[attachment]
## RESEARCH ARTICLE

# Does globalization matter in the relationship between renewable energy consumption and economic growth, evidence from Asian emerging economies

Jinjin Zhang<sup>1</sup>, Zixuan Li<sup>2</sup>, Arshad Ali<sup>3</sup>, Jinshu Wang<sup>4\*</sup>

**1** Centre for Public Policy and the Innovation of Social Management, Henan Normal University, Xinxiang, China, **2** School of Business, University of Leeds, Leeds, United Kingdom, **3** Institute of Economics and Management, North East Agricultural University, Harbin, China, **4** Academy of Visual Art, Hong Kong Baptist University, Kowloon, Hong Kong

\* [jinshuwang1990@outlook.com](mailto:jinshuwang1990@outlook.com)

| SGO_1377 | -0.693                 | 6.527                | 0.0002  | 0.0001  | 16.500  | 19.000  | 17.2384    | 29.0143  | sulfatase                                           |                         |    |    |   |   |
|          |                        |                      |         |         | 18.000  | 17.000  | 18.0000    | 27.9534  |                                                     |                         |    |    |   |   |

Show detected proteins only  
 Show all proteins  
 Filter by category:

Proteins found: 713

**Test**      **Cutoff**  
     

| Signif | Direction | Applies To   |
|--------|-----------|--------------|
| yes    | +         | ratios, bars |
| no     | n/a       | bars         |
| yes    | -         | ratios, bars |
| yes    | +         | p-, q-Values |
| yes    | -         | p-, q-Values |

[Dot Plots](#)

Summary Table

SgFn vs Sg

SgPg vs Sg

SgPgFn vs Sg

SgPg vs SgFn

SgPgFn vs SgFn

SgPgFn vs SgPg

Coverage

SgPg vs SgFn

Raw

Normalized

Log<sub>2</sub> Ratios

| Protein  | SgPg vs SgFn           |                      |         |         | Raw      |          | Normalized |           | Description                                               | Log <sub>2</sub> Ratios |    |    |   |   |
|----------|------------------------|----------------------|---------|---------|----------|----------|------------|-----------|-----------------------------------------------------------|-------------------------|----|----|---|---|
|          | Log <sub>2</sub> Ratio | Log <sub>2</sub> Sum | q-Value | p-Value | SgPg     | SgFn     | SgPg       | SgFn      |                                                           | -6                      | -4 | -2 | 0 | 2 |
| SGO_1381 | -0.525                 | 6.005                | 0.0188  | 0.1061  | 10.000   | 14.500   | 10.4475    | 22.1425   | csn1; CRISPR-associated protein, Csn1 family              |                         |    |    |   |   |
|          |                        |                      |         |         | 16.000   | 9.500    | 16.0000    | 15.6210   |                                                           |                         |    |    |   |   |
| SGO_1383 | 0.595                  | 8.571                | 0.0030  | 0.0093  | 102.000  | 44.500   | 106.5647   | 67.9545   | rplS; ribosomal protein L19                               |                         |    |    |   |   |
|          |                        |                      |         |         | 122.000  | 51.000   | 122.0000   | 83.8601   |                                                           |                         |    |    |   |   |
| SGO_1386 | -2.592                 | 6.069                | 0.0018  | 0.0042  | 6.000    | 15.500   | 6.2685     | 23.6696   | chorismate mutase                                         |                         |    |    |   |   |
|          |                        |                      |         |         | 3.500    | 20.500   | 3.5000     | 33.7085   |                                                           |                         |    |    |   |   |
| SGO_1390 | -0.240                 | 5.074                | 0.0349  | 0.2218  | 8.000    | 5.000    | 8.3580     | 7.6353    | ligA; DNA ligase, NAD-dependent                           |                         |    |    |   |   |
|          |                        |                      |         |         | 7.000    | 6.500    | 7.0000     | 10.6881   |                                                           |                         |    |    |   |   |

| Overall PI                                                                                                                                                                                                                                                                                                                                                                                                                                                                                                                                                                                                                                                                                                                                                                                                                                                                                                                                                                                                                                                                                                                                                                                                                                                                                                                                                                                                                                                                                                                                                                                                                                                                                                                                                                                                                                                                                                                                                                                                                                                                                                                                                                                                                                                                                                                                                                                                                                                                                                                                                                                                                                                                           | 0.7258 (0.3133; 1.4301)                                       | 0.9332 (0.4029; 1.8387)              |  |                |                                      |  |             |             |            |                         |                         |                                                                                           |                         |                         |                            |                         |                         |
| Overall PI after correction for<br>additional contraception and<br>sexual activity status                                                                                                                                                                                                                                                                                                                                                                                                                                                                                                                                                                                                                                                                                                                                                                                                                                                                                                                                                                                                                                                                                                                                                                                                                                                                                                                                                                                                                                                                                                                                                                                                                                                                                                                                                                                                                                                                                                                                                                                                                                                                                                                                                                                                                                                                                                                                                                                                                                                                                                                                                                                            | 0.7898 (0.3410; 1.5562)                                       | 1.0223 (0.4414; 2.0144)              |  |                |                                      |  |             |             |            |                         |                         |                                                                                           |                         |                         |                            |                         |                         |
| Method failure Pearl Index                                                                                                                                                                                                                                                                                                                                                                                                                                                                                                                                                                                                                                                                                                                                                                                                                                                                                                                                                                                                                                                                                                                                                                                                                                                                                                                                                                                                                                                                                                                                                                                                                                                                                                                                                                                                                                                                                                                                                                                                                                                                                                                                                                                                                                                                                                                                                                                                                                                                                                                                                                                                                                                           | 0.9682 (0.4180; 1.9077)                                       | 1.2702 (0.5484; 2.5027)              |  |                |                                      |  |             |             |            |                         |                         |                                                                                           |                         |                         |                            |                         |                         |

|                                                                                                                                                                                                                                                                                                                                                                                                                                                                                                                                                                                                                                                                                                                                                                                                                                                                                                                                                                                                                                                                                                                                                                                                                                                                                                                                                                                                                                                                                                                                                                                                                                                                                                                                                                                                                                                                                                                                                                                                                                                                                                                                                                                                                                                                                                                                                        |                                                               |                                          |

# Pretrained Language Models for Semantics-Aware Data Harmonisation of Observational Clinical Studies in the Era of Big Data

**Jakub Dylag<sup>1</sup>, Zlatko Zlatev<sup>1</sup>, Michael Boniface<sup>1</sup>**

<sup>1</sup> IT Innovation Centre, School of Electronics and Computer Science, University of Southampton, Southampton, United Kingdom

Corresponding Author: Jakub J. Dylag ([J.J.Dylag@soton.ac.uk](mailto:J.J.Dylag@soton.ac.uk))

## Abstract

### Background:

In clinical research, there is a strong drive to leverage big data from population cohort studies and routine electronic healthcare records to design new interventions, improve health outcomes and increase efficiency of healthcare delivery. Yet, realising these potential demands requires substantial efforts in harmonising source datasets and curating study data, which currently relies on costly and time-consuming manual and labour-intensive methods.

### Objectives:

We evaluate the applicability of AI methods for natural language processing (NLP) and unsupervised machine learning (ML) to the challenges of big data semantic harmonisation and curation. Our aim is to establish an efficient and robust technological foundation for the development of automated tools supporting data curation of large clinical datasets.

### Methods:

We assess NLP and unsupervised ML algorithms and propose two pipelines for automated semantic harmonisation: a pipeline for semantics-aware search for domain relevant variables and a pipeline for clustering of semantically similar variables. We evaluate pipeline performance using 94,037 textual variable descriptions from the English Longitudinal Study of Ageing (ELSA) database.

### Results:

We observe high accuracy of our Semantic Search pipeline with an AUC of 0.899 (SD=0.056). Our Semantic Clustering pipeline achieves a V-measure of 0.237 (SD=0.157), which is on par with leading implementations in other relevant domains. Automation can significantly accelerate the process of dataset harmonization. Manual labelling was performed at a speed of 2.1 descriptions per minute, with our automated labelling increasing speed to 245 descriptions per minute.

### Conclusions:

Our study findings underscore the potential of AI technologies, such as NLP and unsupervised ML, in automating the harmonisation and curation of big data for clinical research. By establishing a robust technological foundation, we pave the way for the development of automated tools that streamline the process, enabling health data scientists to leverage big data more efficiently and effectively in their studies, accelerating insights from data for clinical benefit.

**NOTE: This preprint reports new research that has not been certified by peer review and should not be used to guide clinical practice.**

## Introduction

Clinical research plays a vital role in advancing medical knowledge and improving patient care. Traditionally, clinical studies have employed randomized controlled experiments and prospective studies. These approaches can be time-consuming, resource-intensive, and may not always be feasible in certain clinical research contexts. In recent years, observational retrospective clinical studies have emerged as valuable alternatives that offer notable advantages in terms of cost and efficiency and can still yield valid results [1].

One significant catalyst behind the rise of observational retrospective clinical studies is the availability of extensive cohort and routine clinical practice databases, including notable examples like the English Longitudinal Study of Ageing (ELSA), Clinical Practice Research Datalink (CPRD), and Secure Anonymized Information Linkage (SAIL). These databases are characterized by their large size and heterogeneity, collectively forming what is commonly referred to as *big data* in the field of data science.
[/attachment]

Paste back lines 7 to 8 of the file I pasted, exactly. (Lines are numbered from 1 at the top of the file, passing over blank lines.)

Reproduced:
|          |                        |                      |         |         | 18.000  | 17.000  | 18.0000    | 27.9534  |                                                     |                         |    |    |   |   |

Show detected proteins only  